“I liked your book, but it would have been better if I was in it.” Josh, who was probably eight or nine at the time, had just finished the new story in a series I wrote for his school. He wanted to talk to me about it, but he had an agenda. Ah, critics.
That moment came back to me today as I was watching the bees in my garden and thinking about Hour of the Bees by Lindsay Eagar. I’ve written a few times recently about feeling like some books–not this one–check off a bunch of boxes. Death? Check. Long-term illness? Check. Bully? Check. Insert a predictable confrontation tied to someone’s outsider status, and you’ve got it. It’s frustrating to me as a reader, mainly because I feel kind of set up. I barely know the character and I’m being hammered with not just the death of a parent, but then the best friend disappears or Grandma gets cancer or Aunt Cassie is killed in action.
I know. Writing is about those moments after something has happened, and so much is happening all the time. Maybe it’s not enough to lose a friend to growing up or struggle with figuring out who you are. You’ve got to do it while juggling knives and staring down a drug dealer.
Hour of the Bees is not one of those books. It started slowly, and to be honest, I wasn’t sure I was going to like it at first. (The topic of the book is one very close to my reality right now, and sometimes I like a little escape from that.) Carolina, her stepsister and her parents go to help Grandpa Serge clear out his ranch before moving him to a care facility in the city. Grandpa has dementia, and that might mean he’s not in touch with reality. The ranch is hot, dry, and full of faded parts of a past life. Carolina could not be less interested; she’d rather be at the pool with her friends.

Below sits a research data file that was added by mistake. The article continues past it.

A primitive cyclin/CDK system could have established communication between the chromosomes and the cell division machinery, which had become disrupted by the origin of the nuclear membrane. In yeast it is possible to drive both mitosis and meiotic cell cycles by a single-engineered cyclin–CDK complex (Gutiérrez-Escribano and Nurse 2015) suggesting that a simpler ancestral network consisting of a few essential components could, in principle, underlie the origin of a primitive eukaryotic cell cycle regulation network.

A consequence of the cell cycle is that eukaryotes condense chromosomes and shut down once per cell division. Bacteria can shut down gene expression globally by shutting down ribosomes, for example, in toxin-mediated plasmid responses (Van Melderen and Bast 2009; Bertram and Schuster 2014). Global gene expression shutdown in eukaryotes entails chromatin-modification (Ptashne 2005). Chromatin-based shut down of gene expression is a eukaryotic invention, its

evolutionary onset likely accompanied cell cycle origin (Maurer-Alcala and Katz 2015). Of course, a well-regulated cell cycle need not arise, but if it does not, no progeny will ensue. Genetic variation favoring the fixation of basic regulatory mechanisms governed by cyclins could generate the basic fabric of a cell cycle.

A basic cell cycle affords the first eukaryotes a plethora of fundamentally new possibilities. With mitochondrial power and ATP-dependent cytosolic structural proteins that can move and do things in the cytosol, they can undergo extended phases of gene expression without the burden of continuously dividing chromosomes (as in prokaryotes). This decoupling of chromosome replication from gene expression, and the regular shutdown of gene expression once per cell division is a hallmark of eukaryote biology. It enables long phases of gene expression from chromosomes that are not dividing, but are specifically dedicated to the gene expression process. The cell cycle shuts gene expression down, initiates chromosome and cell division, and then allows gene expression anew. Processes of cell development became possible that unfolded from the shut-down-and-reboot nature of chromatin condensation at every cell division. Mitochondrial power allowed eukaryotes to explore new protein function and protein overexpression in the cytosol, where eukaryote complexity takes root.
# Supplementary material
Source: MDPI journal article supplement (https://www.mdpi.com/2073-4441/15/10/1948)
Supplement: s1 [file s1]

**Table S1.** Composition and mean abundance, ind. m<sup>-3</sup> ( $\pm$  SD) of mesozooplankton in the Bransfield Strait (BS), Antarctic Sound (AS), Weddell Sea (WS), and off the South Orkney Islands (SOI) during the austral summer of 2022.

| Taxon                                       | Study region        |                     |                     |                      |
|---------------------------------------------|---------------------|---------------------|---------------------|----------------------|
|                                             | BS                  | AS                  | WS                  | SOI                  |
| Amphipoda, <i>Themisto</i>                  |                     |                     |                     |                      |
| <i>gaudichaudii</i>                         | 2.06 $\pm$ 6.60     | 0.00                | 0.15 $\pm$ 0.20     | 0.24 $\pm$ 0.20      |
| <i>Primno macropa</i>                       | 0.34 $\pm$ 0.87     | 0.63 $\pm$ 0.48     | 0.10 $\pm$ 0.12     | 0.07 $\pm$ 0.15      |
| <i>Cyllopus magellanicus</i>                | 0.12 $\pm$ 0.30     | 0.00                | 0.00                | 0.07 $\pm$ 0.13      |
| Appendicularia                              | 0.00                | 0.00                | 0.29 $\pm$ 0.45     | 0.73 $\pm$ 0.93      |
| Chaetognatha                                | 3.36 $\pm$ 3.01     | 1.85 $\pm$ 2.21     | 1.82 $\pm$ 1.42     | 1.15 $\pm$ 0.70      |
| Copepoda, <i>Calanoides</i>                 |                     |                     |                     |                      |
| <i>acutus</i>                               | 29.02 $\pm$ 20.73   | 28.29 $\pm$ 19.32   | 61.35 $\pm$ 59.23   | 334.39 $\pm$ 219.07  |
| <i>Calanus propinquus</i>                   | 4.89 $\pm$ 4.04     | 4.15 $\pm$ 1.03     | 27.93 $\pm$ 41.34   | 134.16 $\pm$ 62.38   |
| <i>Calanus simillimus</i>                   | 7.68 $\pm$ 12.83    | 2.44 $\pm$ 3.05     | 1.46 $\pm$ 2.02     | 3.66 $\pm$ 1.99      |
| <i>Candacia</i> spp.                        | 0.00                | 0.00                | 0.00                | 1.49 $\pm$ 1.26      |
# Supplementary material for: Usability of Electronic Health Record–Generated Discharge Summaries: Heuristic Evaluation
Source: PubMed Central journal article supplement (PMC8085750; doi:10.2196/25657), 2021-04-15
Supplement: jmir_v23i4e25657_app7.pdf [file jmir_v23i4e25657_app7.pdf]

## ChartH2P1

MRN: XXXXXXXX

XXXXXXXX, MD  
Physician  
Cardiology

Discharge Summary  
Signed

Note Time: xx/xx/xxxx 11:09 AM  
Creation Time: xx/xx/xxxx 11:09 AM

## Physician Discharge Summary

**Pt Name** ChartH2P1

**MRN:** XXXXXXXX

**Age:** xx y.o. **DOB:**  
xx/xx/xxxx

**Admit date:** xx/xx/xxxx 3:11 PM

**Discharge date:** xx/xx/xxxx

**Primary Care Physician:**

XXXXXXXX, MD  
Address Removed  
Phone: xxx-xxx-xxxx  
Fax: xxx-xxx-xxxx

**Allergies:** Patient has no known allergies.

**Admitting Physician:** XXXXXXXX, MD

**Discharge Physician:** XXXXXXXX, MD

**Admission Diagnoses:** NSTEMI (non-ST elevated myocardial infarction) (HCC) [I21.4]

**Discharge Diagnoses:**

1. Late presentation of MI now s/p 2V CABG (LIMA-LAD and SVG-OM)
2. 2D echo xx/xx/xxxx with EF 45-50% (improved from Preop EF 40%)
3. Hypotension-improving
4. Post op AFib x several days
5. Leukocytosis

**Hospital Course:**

Then Grandpa starts telling her stories about a magical tree. Is it really a story about his life? Is he making it up? Is he just confused? Why does he keep telling Carolina to not forget her roots?
Magical realism doesn’t always work. If you do it poorly, you end up with something predictable and even silly. However, Hour of the Bees does it well, so well that you’re swept up with Carolina, wondering if there might be some truth to Grandpa’s stories. By the end, the tone and flow of the book reminded me of The Underneath by Kathi Appelt and I Lived on Butterfly Hill by Marjorie Agosín, books I loved for very different reasons.
I have plenty of weaknesses as a writer and a person, and it’s rare my critics are able to condense their comments to something as specific as Josh did. I choose to only write about books I like here, because I know how hard it is to sit down and write a story, even a relatively short and simple one. I try to remember how moody readers can be, me included. I think of the power of telling people what they do well. I look for the moments that make a character real to me. I guess I have my own boxes to check.
Hour of the Bees by Lindsay Eagar